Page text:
In the top half of the image, Helen [Elena] sits near the altar in the temple of Vesta (567-9). To her left, Aeneas stands ready to charge at her, but Venus stands at his shoulder and shows him that the war is not the fault of Helen but of the gods. In each of the four corners a god is represented: in the lower left, Neptune shakes the walls and foundations of the city (610-2); in the lower right, Juno calls to a ship of Greek soldiers (612-4); in the upper right, Pallas Athena stands inside a storm cloud with light radiating from her (615-6); in the top left, the hand of Zeus shoots fire, apparently a visual representation of the courage which he gives the Greeks (617-8). To the right of Helen, a tower falls; to the left of Venus, Trojans jump from a flaming tower. (Katy Purington)

    Woodcut illustration from the “Strasbourg Vergil,” edited by Sebastian Brant: Publii Virgilii Maronis Opera cum quinque vulgatis commentariis expolitissimisque figuris atque imaginibus nuper per Sebastianum Brant superadditis (Strasbourg: Johannis Grieninger, 1502), fol. 176r, executed by an anonymous engraver under the direction of Brant.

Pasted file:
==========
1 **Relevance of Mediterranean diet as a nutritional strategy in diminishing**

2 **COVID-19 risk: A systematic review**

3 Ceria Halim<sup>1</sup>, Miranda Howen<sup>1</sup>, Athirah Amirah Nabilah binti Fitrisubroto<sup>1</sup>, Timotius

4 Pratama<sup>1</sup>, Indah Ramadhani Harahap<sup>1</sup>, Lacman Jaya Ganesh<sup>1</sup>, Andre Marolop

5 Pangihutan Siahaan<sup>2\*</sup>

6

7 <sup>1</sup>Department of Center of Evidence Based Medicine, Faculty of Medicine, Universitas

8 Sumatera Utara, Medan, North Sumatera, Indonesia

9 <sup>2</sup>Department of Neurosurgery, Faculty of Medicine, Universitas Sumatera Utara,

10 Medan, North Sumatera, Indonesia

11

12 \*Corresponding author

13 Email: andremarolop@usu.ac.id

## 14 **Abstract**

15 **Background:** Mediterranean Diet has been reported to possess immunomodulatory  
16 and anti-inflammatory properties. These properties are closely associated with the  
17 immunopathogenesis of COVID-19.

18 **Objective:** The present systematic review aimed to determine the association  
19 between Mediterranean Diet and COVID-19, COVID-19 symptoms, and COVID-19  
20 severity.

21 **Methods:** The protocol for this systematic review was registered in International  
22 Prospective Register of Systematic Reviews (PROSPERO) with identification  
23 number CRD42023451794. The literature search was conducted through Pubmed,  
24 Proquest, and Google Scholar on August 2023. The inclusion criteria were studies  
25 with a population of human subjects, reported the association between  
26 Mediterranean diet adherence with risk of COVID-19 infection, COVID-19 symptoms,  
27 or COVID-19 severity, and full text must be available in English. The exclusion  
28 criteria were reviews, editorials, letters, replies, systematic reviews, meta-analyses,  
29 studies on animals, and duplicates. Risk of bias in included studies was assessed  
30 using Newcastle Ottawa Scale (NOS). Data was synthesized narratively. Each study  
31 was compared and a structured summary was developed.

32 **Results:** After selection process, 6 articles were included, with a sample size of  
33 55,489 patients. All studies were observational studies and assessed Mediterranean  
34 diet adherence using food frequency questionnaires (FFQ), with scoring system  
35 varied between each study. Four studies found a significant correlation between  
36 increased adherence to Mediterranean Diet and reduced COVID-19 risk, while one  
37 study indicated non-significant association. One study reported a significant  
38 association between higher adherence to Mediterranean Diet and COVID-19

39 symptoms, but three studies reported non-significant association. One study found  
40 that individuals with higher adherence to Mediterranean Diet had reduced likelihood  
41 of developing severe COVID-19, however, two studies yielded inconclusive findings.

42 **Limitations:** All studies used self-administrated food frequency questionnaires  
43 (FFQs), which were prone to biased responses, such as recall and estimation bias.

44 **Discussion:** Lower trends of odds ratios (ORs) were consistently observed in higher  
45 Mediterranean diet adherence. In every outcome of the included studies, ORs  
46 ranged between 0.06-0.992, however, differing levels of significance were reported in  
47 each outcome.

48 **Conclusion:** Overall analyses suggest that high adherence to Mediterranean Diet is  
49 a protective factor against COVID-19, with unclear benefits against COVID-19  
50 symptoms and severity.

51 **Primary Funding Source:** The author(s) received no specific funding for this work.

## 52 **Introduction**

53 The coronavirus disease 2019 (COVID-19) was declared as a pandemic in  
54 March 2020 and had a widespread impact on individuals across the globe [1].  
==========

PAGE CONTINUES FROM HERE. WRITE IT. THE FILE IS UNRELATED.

Sebastian Brant (1458­­–1521) was a humanist scholar of many competencies. Trained in classics and law at the University of Basel, Brant later lectured in jurisprudence there and practiced law in his native city of Strasbourg. While his satirical poem Das Narrenschiff won him considerable standing as a writer, his role in the transmission of Virgil to the Renaissance was at least as important. In 1502 he and Strasbourg printer Johannes Grüninger produced a major edition of Virgil’s works, along with Donatus’ Life and the commentaries of Servius, Landino, and Calderini, with more than two hundred woodcut illustrations. (Annabel Patterson)

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